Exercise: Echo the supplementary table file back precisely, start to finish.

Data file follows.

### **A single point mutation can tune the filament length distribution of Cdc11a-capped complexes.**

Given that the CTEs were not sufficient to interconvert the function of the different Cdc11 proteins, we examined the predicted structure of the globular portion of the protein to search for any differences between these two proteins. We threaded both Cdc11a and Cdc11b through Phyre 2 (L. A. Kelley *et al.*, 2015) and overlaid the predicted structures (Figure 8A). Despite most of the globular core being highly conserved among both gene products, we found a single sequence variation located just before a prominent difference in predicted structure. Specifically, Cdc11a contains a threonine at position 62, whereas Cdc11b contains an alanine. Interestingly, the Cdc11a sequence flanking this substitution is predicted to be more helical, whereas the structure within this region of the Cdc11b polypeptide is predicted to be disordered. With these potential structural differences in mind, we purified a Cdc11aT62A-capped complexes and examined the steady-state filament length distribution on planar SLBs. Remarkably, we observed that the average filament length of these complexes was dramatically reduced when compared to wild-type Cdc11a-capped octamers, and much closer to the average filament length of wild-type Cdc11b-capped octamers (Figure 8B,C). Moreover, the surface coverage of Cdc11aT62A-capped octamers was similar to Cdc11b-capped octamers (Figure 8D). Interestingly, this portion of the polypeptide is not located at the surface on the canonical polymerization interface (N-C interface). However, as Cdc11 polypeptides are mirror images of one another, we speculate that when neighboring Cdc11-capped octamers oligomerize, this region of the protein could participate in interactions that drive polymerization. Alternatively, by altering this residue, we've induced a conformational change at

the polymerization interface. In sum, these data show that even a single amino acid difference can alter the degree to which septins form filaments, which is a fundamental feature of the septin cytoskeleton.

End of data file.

### **A single point mutation can tune the filament length distribution of Cdc11a-capped complexes.**

Given that the CTEs were not sufficient to interconvert the function of the different Cdc11 proteins, we examined the predicted structure of the globular portion of the protein to search for any differences between these two proteins. We threaded both Cdc11a and Cdc11b through Phyre 2 (L. A. Kelley *et al.*, 2015) and overlaid the predicted structures (Figure 8A). Despite most of the globular core being highly conserved among both gene products, we found a single sequence variation located just before a prominent difference in predicted structure. Specifically, Cdc11a contains a threonine at position 62, whereas Cdc11b contains an alanine. Interestingly, the Cdc11a sequence flanking this substitution is predicted to be more helical, whereas the structure within this region of the Cdc11b polypeptide is predicted to be disordered. With these potential structural differences in mind, we purified a Cdc11aT62A-capped complexes and examined the steady-state filament length distribution on planar SLBs. Remarkably, we observed that the average filament length of these complexes was dramatically reduced when compared to wild-type Cdc11a-capped octamers, and much closer to the average filament length of wild-type Cdc11b-capped octamers (Figure 8B,C). Moreover, the surface coverage of Cdc11aT62A-capped octamers was similar to Cdc11b-capped octamers (Figure 8D). Interestingly, this portion of the polypeptide is not located at the surface on the canonical polymerization interface (N-C interface). However, as Cdc11 polypeptides are mirror images of one another, we speculate that when neighboring Cdc11-capped octamers oligomerize, this region of the protein could participate in interactions that drive polymerization. Alternatively, by altering this residue, we've induced a conformational change at

the polymerization interface. In sum, these data show that even a single amino acid difference can alter the degree to which septins form filaments, which is a fundamental feature of the septin cytoskeleton.